Research conducted by the Sant’Anna School of Advanced Studies finds that environmental sustainability can be an effective fan engagement tool for football clubs and federations
Building and maintaining connections with fans is among the biggest challenges facing sports properties. Covid-19 attendance restrictions aside, the behaviours and preferences of sports fans are changing. Therefore, the way teams, leagues and federations interact with them needs to alter as well.
Anyone interested in what engages sports fans beyond the action on the field, either professionally or just through sheer curiosity, may want to read a Business Insider article written by Texas A&M University professor and Sport Ecology Group co-founder, Brian McCullough, which showcases research undertaken by himself and colleagues revealing that sports fans are, to a large degree, receptive to environmental initiatives instigated by teams and clubs.
“We found that targeted environmental sustainability campaigns can educate sport spectators and participants to increase the use of mass transit, increase waste recovery, and purchase carbon offsets to mitigate personal impacts when attending sports events,” McCullough writes.
Moreover, these projects influence fans to change their everyday behaviour, and even advocate for sustainability policy changes in their local communities. Significantly, sports teams have been able to deepen relationships with fans regardless of whether they are politically conservative or liberal through the “collective identity” of being a fan of a specific team.
Those findings have been given weight across the pond in Europe with the publication of a piece of research conducted by the European Union-funded LIFE TACKLE project that has been designed to accelerate sustainability practices and environmental governance across European football.
According to the survey, which captured the opinions of football fans in Italy and Sweden between May 2019 and January 2020, 69% would be happier to attend football matches if they were more environmentally friendly, while 86% agreed that football should address environmental issues with the same vigilance it does with other major issues, such as racism.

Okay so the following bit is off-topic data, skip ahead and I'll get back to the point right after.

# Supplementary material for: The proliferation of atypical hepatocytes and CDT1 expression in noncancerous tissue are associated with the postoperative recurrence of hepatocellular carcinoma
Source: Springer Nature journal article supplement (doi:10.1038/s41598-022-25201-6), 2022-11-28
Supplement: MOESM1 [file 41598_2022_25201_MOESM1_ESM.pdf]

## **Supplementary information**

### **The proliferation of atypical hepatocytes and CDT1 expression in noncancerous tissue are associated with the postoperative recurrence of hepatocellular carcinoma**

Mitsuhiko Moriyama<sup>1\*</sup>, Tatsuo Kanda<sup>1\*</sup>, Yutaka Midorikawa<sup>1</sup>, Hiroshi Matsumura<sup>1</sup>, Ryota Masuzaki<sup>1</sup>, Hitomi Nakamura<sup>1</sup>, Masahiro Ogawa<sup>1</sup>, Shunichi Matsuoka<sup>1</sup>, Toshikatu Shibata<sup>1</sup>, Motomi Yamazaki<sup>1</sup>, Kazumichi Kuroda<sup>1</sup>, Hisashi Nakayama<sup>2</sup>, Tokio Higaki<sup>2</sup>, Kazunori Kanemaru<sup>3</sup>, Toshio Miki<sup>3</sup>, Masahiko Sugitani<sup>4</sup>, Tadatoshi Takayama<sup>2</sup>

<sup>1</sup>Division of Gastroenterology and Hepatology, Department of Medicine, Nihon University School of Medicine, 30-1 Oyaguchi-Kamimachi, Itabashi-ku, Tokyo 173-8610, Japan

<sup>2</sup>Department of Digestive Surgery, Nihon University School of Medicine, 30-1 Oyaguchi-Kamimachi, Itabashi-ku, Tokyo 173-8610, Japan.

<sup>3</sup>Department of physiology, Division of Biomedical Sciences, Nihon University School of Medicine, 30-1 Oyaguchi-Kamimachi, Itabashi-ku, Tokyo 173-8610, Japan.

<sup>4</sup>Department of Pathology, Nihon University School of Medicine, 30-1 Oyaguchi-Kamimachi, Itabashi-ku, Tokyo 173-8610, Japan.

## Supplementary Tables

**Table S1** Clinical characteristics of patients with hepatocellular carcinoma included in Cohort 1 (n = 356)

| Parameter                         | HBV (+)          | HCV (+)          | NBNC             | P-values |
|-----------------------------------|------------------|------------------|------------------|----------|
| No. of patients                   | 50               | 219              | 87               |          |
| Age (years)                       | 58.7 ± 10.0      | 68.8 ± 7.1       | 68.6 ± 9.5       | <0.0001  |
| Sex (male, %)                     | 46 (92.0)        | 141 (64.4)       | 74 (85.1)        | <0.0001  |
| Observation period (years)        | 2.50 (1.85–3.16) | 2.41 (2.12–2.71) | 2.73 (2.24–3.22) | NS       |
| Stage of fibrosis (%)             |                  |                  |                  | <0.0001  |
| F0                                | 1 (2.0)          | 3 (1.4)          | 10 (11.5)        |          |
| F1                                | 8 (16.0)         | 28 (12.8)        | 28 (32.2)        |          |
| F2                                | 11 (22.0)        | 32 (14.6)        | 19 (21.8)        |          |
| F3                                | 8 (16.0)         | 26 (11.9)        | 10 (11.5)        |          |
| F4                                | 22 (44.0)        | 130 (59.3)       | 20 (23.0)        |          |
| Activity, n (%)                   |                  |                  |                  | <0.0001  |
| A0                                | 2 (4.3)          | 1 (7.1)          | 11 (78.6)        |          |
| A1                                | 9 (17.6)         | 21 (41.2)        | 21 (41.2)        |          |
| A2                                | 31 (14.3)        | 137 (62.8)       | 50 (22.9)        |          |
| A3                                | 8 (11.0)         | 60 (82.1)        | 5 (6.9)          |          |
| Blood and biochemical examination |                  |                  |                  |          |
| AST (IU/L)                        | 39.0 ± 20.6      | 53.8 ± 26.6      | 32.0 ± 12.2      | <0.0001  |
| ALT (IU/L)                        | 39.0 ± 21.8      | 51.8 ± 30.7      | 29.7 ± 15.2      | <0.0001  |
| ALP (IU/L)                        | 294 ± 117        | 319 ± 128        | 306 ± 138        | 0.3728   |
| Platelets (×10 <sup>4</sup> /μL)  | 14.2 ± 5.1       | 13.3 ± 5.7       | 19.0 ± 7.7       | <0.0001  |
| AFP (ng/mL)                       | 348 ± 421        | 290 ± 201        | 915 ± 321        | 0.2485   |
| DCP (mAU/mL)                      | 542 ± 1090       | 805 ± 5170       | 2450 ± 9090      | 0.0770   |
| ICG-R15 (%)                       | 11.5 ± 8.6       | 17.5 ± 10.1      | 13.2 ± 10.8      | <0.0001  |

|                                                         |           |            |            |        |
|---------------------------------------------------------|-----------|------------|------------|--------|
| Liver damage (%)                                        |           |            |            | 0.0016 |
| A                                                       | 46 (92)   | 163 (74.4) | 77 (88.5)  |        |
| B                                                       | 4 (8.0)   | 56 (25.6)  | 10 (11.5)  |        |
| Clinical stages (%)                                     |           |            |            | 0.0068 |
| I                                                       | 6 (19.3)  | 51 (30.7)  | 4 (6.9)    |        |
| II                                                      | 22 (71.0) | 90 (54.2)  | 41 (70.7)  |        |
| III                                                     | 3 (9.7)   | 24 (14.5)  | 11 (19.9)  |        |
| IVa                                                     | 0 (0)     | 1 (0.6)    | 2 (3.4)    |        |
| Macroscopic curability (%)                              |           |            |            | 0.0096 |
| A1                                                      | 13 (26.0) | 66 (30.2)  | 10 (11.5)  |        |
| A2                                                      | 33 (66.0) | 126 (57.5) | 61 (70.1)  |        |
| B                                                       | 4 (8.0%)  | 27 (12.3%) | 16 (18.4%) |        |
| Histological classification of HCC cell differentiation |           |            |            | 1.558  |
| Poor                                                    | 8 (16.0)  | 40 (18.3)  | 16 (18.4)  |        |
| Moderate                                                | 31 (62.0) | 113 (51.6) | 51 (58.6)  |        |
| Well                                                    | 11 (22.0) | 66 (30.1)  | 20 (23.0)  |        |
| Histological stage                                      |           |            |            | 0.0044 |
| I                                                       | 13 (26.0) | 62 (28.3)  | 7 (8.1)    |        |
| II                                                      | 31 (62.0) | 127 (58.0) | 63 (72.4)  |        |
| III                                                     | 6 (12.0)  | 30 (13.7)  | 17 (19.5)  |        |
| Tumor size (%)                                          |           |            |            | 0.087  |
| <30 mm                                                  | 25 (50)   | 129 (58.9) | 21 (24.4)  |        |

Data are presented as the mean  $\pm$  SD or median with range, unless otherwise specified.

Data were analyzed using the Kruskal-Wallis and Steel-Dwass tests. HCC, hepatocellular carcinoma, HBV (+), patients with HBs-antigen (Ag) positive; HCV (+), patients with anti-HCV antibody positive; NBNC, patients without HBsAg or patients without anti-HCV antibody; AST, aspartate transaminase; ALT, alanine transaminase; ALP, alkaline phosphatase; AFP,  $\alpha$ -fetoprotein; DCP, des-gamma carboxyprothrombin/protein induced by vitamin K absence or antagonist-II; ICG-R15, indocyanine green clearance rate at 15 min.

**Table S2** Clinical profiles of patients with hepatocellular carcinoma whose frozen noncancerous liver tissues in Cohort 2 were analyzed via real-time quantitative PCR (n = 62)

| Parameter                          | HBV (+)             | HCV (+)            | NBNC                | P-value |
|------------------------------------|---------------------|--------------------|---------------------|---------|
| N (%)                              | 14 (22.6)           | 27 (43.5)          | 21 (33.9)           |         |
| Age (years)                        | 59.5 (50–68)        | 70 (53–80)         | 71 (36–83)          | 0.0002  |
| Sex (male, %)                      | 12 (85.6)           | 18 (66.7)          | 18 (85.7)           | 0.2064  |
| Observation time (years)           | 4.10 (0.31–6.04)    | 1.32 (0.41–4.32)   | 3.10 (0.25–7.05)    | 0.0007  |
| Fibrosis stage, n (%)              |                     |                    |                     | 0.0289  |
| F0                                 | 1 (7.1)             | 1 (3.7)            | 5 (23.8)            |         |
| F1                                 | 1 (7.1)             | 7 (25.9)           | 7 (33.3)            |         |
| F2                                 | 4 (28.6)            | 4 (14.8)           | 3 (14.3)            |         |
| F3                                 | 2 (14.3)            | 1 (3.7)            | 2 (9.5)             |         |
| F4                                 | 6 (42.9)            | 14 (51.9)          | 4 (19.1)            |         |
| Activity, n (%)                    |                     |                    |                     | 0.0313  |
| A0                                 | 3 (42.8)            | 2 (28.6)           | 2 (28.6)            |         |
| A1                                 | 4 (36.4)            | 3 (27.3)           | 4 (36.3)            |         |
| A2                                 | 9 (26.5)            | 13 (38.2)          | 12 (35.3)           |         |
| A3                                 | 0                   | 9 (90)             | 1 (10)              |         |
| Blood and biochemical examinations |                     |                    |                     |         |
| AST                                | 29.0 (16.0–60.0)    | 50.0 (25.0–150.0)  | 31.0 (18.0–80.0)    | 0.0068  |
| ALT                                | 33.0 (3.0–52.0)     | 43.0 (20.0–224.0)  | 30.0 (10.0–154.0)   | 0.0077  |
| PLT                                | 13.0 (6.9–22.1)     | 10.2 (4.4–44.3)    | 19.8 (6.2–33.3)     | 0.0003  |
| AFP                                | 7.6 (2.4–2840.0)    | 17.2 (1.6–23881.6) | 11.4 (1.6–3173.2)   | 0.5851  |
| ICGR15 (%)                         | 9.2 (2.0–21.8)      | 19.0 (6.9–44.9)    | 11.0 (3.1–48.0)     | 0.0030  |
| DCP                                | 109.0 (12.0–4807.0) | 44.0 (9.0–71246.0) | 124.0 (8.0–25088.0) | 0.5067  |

Around 80% claimed that it would be easier for them to “take environmentally-friendly actions” if their favourite football club implemented sustainability initiatives, but only 56% trusted their team to be environmentally friendly, while 37% agreed that their team “adequately protects the environment”.
Tiberio Daddi, assistant professor at the Institute of Management, Sant’Anna School of Advanced Studies in Pisa, Italy – the institution which conceived the project – explains that while operational sustainability is becoming more mainstream within sports stadiums, the project was designed to improve environmental governance and engagement with key stakeholders, such as fans.
He told The Sustainability Report: “Some football clubs and stadiums don’t have an environmental manager or a system for monitoring the environmental performance of the stadium. From an operational point of view, some are starting to use reusable cups and collect waste separately. In the operational aspects, generally, they are more advanced than at a governance level. There’s room for improvement.”
The fans survey is one of two pieces of research that have been conducted as part of the larger €2m LIFE TACKLE project. The second one focused on the views and experiences of professionals responsible for football teams and stadiums across Italy, Ireland, Sweden, Austria, Azerbaijan, Liechtenstein, Romania, France, Belgium, Spain and Slovakia.
Operationally, many football clubs around the continent are making progress environmentally. They scored themselves most highly on processes like reducing waste, removing single-use plastic, and reducing water, energy consumption and greenhouse gas emissions.
But, the fertile ground of fan engagement appears to be overlooked thus far, with external communication an area that respondents felt their collective organisations addressed poorly.
This could soon change, however. Apart from the local community, the local authority, national football associations and sponsors, fans were cited as stakeholders considered most when implementing environmental practices (fifth out of 13).